Q & A with teacher aide Linda Jordan

AKO chats with Linda Jordan, a teacher aide and team leader at James Cook High School in Manurewa, about the challenges of lockdown and technology and the profound importance of being supportive and understanding.

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What has it been like for you and your school moving into Level 4 and then into Level 3?

When we first found out that the school was moving into lockdown, things were a bit hectic, but the school pulled together really well. In the back of our minds, we needed to know that our kids were still all right.

And then with the transfer back to Level 3, I was amazed because nobody was expected to come back to work. It was, ‘If you are comfortable coming back to work then, yes, we would like to see you. If not, then there’s no pressure.’

It felt like nobody was judging you on why you didn’t want to come back. For me, I’m supporting my mum, who’s quite frail. I’m also supporting my daughter, who is a solo mum, and my grandchildren. I didn’t want to take the risk of rushing back to work and having to mix with other people as well as dropping off groceries to my family.

We have just four students physically at school now. It was set up ready for at least two bubbles, because we had nine families respond to a text message that went out to say that their students would be there. But there are four students, two bubbles, still working.

How has your role as teacher aide changed now that you’re not physically with the students you teach?

I’m sitting at a computer from 8.30am until about 3.15pm, everyday. I do Zoom sessions with students, I do Google Meet sessions with students, I’m on the phone with students. That can be anything from checking in to see if they’re okay, because a learning pack hasn’t arrived or they don’t have a device they can work on, right through to working through pages on Google Classroom.

Has it been more difficult to have that connection with students who may need a bit more support?

Definitely. I have one student that I’m checking on who has undiagnosed autism. And it’s really hard to get him to do the finer things. I’ve been able to help him in the classroom and we know he can do it, but we can’t get it through to him via the internet or phone conversation.

How are you managing your relationships with colleagues now that you’re physically separate?

We are making sure that we connect with each other outside of work hours. Some of us had a relationship anyway, we’re friends, and those friendships have got stronger.

“I’m not checking up on you – I’m making sure you are okay as a human being.”

For some people, I think they’re finding it really difficult, so we have to make sure we connect with them. I’m one of the team leaders for teacher aides and we make sure we’re in constant connection with our team members to make sure they’re not feeling left out. To say, “Yes, we do still care about you.” And, “I’m not checking up on you – I’m making sure you are okay as a human being.”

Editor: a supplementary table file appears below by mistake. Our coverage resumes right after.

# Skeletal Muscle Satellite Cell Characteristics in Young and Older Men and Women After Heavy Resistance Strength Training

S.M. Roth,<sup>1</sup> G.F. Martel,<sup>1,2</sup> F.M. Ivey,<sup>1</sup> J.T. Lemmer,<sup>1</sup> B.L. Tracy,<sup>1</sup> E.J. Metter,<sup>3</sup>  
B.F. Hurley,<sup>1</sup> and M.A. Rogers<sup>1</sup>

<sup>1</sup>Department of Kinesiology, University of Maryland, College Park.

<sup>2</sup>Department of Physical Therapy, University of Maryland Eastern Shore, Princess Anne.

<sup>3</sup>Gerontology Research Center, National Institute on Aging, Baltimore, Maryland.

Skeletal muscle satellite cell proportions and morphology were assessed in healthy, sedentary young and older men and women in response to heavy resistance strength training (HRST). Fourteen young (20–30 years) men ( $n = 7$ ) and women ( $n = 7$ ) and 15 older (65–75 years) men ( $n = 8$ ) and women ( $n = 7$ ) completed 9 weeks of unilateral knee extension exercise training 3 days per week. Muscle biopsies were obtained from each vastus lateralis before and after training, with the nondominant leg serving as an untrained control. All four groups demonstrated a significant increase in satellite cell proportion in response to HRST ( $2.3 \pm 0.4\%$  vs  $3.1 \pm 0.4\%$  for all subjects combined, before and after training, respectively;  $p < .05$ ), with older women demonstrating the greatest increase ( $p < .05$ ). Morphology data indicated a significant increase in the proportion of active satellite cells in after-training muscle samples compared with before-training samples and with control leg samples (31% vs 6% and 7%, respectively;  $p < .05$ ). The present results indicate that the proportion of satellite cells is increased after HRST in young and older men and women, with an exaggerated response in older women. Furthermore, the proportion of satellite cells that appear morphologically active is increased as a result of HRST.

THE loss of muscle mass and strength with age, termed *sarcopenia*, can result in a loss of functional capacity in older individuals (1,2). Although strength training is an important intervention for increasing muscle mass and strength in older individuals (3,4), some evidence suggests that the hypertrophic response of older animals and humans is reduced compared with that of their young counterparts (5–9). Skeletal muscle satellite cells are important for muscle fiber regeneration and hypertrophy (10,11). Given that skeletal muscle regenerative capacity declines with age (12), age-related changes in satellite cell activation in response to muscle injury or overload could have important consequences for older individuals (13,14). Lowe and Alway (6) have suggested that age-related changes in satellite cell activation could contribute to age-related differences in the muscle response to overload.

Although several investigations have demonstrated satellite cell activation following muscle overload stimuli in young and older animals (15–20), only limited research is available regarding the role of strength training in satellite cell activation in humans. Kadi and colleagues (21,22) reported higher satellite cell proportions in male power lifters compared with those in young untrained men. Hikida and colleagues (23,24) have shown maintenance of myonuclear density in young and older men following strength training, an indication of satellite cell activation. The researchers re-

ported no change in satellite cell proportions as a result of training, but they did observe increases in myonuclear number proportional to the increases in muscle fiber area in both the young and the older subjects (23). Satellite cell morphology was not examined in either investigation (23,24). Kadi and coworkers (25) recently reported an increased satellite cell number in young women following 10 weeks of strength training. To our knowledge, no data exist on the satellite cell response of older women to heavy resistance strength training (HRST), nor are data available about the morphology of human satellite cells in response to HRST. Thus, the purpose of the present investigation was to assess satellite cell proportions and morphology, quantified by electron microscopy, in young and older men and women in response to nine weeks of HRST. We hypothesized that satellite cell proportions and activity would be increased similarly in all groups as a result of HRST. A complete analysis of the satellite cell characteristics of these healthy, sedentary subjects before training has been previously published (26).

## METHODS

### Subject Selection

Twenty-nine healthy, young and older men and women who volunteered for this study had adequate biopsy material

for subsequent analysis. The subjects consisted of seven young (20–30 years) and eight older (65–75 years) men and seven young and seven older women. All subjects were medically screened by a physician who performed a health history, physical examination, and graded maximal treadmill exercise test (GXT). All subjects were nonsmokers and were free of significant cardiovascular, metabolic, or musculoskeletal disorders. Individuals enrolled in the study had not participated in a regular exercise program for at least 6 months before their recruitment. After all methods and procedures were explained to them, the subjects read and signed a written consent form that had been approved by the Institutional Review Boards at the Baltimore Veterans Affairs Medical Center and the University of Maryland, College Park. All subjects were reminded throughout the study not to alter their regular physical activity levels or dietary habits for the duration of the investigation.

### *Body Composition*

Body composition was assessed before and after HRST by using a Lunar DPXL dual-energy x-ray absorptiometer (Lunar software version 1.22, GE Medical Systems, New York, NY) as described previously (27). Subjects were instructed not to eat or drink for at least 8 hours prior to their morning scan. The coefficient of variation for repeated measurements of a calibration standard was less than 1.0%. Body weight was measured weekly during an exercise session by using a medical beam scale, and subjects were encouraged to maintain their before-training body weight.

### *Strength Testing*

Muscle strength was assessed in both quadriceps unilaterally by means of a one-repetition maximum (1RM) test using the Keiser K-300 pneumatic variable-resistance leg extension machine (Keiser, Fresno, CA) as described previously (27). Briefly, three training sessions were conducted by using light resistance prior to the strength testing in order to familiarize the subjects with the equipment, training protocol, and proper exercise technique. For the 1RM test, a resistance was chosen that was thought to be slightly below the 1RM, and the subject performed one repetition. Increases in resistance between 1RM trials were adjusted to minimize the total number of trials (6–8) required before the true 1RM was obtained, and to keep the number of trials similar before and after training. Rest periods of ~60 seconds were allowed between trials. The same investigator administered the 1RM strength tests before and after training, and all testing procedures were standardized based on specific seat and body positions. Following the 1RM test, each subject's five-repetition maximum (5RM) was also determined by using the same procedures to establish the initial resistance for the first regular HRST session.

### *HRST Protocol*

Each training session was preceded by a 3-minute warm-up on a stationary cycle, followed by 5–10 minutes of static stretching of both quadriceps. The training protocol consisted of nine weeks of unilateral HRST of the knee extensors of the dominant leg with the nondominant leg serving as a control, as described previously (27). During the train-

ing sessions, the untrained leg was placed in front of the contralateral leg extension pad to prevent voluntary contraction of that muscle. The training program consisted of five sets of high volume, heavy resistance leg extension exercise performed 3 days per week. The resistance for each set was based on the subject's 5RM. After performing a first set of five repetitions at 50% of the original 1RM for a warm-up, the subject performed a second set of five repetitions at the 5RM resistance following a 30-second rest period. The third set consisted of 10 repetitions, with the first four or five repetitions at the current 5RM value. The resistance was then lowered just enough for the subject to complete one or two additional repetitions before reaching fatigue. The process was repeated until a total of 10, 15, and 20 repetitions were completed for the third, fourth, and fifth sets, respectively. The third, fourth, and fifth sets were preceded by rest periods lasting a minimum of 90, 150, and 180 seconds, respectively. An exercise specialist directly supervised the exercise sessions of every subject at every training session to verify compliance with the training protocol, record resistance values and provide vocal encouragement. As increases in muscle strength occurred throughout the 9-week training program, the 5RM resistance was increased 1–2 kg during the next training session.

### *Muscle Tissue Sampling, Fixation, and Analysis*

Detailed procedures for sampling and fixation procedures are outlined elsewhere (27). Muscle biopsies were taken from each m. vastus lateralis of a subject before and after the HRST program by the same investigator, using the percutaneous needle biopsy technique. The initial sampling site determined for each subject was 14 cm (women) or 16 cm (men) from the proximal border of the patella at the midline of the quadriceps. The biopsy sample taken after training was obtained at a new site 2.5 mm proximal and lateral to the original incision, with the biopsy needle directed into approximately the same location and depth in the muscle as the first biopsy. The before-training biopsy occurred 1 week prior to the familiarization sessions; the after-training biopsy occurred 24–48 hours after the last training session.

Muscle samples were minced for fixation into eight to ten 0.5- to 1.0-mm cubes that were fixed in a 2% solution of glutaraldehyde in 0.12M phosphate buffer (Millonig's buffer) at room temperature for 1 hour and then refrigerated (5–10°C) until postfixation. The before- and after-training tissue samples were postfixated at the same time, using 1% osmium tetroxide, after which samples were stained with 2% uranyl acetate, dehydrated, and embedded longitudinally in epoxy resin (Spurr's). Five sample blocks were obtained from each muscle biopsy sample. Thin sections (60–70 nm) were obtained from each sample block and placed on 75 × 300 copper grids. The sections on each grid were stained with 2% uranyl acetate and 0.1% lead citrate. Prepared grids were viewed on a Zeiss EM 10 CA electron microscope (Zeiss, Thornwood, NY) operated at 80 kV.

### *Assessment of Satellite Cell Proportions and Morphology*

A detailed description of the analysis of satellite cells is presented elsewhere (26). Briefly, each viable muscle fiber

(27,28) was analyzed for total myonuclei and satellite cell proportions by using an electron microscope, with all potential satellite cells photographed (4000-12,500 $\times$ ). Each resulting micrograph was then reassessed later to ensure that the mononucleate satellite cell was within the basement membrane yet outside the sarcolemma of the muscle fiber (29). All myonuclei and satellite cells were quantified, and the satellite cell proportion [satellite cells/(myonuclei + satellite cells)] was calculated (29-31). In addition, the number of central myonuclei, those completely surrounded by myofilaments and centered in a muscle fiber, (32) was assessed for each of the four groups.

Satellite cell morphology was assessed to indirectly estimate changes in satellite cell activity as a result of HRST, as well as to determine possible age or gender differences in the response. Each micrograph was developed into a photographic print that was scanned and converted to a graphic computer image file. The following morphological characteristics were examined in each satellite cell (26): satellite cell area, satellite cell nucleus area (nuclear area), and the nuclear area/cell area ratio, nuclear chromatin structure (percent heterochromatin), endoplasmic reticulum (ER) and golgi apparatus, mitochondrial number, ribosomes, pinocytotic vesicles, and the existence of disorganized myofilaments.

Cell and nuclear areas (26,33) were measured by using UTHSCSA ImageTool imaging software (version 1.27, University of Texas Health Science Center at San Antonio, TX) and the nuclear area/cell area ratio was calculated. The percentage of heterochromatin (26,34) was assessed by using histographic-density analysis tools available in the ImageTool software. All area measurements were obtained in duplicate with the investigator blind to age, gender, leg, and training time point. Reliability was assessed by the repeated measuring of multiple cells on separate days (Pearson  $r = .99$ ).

Has there been any good that has come out of the last six weeks or anything you want to take into the classroom which you’ve learned over this period?

Learning about technology. My boss sent me an email this morning saying, “I need to be able to show a video on my next class Zoom and I’ve just trialled it but there’s no sound! How do I do it?” And I sent her a link to a video, and she sent me one back a few minutes later saying, “Thanks, I’ve worked it out”.

We’re having to learn how to use technology to make sure we can do our jobs to the best ability.

We’re having to learn how to use technology to make sure we can do our jobs to the best ability. I think it’s also helping to bring some of the teams together. We have a large team of teacher aides at James Cook High School, over 20. Everybody can now get onto a Zoom meeting so that we can actually connect with each other in some way to make sure everyone’s okay.

It’s nice to hear about a school that’s being so supportive and accepting of their staff and making them feel comfortable in whatever situation they have in their own personal lives.

I must say, I feel privileged to work at James Cook High School because everybody has been so caring. Right from the very start of this, when people contacted the school and said they needed to be working from home, procedures were put in place straight away to make that happen. That’s just followed all the way through. And our principal and our acting principal have just been amazing.

I think educators themselves can be really proud about what we’ve done over this time. We’ve moved heaven and earth to make sure the students and families we work with everyday are supported.

I think educators themselves can be really proud about what we’ve done over this time. We’ve moved heaven and earth to make sure the students and families we work with everyday are supported. The stories I’ve been reading about what schools are doing now show that we work as a community, we’re not just one little piece of a puzzle. I feel that schools are a catalyst in that puzzle and pull our communities together.

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